Quote the article:
He’s (McInerney) careful to point out that the effort is just a fun side project, and he knows that unsolicited redesigns often include elements that might not, in his words, "stand up to real world scrutiny." But several of his marks seem like they’re nearly ready for primetime.
This is a very interesting
self-promotional fun side project indeed, but also one that comes with a strange beehive attached. And it is one that is more unique to design that advertising, I would say. Houston Texans (Ironically, the newest team on the list), Green bay and Seattle work well as revamped logos. While others feel more like Kid Robot characters than football teams. And McInerney has clearly researched the project, paying homage to Buffalo (named after Buffalo Bill, natch) but oddly forgetting or ignoring the fact the Steelers logo was given to them by the American Iron And Steel Institute. Think about that-- there is logo sharing going on. That in itself is fascinating.
It's all of course hypothetical as McInerney points out no one has asked him to do it. But if someone hypothetically asked him to design a sports logo I think he'd have an easier time if the teams were brand new.
Outside the design world, people aren't interested in improving logos and typefaces. If anything, it pisses them off and they want to keep the original intact. See Tropicana for reference. Not because we're tied to our bad outdated sense of swelling force, and color scheme. But because ugly or not, logos represent a part of our history. They've been reinforced from a very early age. They represent us as much as they do the brand.
In the context of orange juice, it's family. it's mornings, perhaps with a loving parent. More often than not, spent at a kitchen table, maybe in front of Saturday morning cartoons. In the context of football, it represents every win, lose, near miss, short end to season, thrilling pass, rebuilding year and triumph your team--and by extension, your home town--as had over the years. I should know; I grew up in Pittsburgh. A former steel town that try as it might, is still recognized by those roots by every NFL commentator. Those roots are not only what makes us, but what represent us to the rest of the country. Much more than your city's flag.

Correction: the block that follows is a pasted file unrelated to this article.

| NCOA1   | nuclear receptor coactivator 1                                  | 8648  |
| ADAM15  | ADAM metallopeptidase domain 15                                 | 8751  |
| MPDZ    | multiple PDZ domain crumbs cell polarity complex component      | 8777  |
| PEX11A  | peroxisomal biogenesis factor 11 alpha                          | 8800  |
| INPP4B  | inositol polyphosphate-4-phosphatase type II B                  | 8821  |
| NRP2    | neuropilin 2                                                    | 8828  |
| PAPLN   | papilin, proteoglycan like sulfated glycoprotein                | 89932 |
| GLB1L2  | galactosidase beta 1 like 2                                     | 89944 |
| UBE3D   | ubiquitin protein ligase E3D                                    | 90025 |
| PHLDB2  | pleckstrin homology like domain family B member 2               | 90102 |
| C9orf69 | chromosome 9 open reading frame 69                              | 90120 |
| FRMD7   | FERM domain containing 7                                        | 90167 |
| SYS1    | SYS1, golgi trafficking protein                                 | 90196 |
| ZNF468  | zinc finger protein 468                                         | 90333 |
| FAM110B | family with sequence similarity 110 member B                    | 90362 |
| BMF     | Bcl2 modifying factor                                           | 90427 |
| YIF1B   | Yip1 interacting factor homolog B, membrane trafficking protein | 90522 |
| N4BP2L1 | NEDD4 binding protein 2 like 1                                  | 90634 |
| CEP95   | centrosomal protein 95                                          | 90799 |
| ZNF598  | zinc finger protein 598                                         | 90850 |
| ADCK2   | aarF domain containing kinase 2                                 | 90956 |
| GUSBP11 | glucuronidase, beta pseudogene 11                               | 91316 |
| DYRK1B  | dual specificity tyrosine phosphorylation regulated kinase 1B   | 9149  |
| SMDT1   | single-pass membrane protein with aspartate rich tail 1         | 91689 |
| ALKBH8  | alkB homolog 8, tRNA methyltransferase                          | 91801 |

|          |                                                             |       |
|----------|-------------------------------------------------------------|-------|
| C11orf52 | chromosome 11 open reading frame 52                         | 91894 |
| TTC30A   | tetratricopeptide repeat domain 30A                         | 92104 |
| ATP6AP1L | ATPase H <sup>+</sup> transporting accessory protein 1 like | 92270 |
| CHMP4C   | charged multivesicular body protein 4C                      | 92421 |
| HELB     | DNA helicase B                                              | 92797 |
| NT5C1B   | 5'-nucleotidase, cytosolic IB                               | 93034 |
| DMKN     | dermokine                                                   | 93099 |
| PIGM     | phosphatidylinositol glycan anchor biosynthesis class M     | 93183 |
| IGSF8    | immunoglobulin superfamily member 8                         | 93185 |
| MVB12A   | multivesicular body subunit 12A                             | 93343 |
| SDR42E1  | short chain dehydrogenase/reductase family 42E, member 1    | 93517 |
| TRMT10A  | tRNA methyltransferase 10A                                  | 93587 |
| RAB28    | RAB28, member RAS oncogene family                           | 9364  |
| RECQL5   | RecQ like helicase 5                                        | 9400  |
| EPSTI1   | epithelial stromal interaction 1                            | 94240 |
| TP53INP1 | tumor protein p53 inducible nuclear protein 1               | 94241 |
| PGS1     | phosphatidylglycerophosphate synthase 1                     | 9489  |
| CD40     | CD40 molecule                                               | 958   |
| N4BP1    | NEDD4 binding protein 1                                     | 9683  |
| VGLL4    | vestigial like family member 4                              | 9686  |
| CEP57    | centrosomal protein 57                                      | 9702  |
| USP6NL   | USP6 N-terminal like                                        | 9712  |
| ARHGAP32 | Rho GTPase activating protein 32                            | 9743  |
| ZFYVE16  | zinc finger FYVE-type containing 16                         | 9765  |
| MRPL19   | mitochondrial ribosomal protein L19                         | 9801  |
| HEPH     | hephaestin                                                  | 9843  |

Quick, can you even describe your city's flag without looking it up? Your pro-sports team is your city's welcome wagon, or threat. The logo on that jersey is a source of pride--sometimes one of the only sources of pride a city has.
It's a constant struggle between the creative minds wanting to reinvent the wheel, and the "regular" people wanting the wheel to stay where it is. it seems the most successful logo rebrands come from a gradual, rather than total shift. But even then you are at risk for ridicule. Ebay, a relatively new company in the great scheme of things has had enough time to be inscribed in our collective conscious. It's a tall order for any designer (or company CEO for that matter) who wants to put their greasy thumbprint on history.
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